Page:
sometimes say they "want" tax cuts and voted that way, big-time, in
November what they really want, first and foremost, is for their elected representatives
to work "under the hood" of government to get its budget motor in perfect tune.
Until that work is done, our citizens would actually prefer that Congress
"responsibly" keep their taxes high. And any Republican effort to provide tax
relief "prematurely" will annoy the very families and businesses such tax relief
is meant "cravenly" and "crudely" to please. It’s that simple, as a
jug-eared Texan we know might say.

Except that it isn’t. For starters, consider the
fun-house-mirror circularity of this take on the current national mood, which holds that
voters don’t want what they say they want and will be profoundly offended if they get it.
No doubt the vanity of Democrats and their editorial cheerleaders, bruised in November,
is soothed by this Orwellian mantra. But truth is, we can’t think of a single instance in
recent history when voters have punished a party for fulfilling the popular promises it has
won on. Can you?

Nor do we put much stock in that standard complaint of bien
pensant commentators: that there is something essentially dishonorable about using
government policy to win the ongoing loyalty of a political constituency in this case,
middle-class taxpayers and businessmen. Ever notice how this charge is leveled exclusively
against Republicans? Democrats just spent 40 years cloaking an endless sequence of federal
transfer payments to its New Deal coalition in the sweet language of
"compassion," unaccompanied by worried hand-wringing at The New York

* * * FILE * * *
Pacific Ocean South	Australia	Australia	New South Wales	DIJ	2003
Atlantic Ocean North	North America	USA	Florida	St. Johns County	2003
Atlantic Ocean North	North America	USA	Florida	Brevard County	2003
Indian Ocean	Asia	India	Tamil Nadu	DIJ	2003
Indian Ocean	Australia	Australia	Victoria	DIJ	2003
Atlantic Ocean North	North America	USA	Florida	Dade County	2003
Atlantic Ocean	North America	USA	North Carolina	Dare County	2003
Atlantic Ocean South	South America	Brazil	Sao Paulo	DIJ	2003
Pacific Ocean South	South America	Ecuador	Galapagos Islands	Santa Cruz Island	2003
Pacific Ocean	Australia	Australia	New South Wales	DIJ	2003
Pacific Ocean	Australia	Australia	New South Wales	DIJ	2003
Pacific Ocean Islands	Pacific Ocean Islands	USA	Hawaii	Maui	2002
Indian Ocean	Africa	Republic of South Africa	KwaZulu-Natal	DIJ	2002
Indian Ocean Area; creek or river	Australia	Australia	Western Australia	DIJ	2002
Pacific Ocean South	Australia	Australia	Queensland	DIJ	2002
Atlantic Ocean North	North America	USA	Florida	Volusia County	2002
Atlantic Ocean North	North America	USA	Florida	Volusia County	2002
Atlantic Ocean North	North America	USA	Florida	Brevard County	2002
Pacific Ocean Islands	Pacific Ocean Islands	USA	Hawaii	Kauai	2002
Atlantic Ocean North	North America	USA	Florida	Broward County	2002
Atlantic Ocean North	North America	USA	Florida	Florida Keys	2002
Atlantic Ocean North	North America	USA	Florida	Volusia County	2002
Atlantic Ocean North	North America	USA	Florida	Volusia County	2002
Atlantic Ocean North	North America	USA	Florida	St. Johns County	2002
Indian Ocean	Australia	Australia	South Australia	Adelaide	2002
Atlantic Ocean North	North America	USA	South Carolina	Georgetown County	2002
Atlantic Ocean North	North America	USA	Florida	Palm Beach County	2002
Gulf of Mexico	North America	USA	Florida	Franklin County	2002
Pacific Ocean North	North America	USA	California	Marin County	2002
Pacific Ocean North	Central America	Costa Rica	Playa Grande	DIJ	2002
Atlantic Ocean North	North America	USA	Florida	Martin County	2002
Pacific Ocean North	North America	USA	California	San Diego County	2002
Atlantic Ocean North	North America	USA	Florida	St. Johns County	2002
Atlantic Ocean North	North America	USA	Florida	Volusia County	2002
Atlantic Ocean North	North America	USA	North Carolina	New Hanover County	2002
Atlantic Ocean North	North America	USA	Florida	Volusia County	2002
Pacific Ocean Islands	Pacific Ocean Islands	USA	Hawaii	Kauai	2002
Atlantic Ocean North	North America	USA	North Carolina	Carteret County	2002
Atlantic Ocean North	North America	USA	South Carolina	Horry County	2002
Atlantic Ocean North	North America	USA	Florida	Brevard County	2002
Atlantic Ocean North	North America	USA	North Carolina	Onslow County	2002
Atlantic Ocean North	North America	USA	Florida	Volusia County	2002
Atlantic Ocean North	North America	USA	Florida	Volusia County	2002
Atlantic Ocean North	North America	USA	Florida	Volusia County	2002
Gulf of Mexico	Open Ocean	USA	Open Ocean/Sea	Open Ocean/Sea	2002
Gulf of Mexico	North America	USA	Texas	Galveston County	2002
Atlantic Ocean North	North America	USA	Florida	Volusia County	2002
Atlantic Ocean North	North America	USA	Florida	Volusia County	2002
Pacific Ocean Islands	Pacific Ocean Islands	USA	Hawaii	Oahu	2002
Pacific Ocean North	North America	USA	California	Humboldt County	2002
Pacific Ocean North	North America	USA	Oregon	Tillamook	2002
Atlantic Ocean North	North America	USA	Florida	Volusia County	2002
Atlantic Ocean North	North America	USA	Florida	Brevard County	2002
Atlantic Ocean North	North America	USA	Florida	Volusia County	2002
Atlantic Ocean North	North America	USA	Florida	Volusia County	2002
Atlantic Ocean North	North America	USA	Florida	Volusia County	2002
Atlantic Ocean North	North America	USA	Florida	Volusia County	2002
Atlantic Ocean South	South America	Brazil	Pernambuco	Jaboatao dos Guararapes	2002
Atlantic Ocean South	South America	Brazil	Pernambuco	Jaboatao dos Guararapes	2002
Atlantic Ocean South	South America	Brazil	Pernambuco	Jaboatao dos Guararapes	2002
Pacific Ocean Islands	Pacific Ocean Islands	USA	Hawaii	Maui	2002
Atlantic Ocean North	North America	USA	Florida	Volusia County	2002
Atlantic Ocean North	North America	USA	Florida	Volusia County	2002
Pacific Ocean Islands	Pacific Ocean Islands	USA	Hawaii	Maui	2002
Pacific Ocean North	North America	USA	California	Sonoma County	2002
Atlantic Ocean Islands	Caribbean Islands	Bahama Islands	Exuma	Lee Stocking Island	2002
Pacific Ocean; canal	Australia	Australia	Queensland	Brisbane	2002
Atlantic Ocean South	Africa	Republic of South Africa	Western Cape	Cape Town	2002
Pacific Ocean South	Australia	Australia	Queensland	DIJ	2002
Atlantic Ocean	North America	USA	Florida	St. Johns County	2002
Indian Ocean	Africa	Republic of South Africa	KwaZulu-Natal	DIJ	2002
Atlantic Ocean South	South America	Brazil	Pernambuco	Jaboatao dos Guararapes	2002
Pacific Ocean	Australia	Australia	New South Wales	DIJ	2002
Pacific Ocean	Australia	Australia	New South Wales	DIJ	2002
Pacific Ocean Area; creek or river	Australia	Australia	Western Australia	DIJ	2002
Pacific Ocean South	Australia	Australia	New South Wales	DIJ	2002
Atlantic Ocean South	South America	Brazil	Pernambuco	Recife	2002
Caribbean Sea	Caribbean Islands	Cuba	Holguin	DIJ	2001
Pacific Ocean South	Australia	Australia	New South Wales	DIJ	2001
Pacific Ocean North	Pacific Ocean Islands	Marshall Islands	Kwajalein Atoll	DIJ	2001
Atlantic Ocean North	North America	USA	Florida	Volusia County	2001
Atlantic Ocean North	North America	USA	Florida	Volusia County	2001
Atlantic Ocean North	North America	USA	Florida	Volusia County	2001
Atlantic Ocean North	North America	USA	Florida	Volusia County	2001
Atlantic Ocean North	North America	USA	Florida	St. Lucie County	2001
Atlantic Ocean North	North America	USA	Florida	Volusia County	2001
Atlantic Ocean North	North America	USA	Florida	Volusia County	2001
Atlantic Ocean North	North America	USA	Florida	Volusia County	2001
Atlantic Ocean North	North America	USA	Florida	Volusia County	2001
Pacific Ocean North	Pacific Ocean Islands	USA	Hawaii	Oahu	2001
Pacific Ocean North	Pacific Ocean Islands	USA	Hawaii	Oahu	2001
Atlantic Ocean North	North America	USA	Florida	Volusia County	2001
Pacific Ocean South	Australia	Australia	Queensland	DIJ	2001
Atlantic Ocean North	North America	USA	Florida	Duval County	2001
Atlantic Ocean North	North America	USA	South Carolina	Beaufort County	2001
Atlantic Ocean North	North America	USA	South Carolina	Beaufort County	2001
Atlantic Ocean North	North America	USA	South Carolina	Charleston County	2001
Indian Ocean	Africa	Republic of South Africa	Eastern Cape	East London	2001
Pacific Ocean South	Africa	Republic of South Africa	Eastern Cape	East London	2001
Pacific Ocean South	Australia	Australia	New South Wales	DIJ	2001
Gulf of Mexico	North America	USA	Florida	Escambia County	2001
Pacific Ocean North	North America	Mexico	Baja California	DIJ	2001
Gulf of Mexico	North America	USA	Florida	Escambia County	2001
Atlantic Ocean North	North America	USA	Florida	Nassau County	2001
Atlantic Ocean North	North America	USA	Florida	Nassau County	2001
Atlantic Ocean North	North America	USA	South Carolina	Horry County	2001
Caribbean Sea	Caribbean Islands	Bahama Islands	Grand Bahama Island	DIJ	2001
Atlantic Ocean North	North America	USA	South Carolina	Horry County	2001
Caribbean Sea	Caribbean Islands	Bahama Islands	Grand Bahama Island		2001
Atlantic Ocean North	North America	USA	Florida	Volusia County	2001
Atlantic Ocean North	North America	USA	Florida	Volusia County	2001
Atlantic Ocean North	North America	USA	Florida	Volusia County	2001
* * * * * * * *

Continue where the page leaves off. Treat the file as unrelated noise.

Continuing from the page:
Times. Bully for them. Now it’s our turn.

Is there any serious evidence to suggest
that the public truly is obsessed with deficit reduction to the absolute exclusion of near-term
tax cuts? No, not really. True, it is now regularly reported as undeniable "fact"
in Washington that pollster Frank Luntz is "warning" Republicans to wait on
tax relief and cut spending first. But the only cited source for these reports, a January Luntz
memorandum to the Republican Conference, says no such thing at all. And it was Luntz-conducted focus groups, you’ll recall, that ratified the Contract’s inclusion of tax relief in
the first place.

Likewise, a mid-March Los Angeles Times poll released early last
week asked registered voters if it was "realistic to cut taxes now" the
functional equivalent of asking whether they were genuinely patriotic or merely greedy
and got predictable results: 60 percent said no. Of course, had the Times asked a fairer
question, about whether some middle-class tax relief should be included in a Republican
budget that also cuts spending and reduces the deficit, they would almost certainly have
gotten a different answer. But even had the answer been the same, there would still be
ample reason to doubt its ultimate meaning.

Use this simple rule of thumb: poll
responses that directly deny obvious and honest voter self-interest should almost never be
interpreted literally as when a series of surveys in the fall of 1993
"indicated" overwhelming middle-class approval of a Clinton-style federal
guarantee for universal health insurance coverage. In an era of popular revolt against big
government, when a poll respondent tells us he believes the government shouldn’t let him
keep more of his own money, he strains credulity, and we can be pretty sure he’s simply
telling teacher what he thinks teacher wants to hear. And then it’s time to take another look
at the evidence.

Sure enough, there’s a wealth of evidence that tax cuts remain a
political winner. History, for one thing. Reagan ran and won on tax cuts in 1980 and 1984.
Bush ran and won on "no new taxes" and a capital gains tax cut in 1988.
Clinton ran and won on a middle-class tax cut in 1992. Bush and Clinton badly hurt
themselves by reneging on those promises. And House Republicans, back on track, again
ran and won on tax cuts in 1994 so convincingly that a Democratic White House, having
ridiculed the idea for months beforehand, was forced to propose tax reductions of its own
almost immediately.

Rather overwhelming, isn’t it? Want poll results, too? Try
this one: a nationwide Gallup survey conducted in December just 90 days ago
reported that Americans, asked whether their federal taxes were "too high" or
"about right," said "too high" by a 66 to 30 percent margin. Gallup
has asked the same question 28 times since March 1947. December’s was the smallest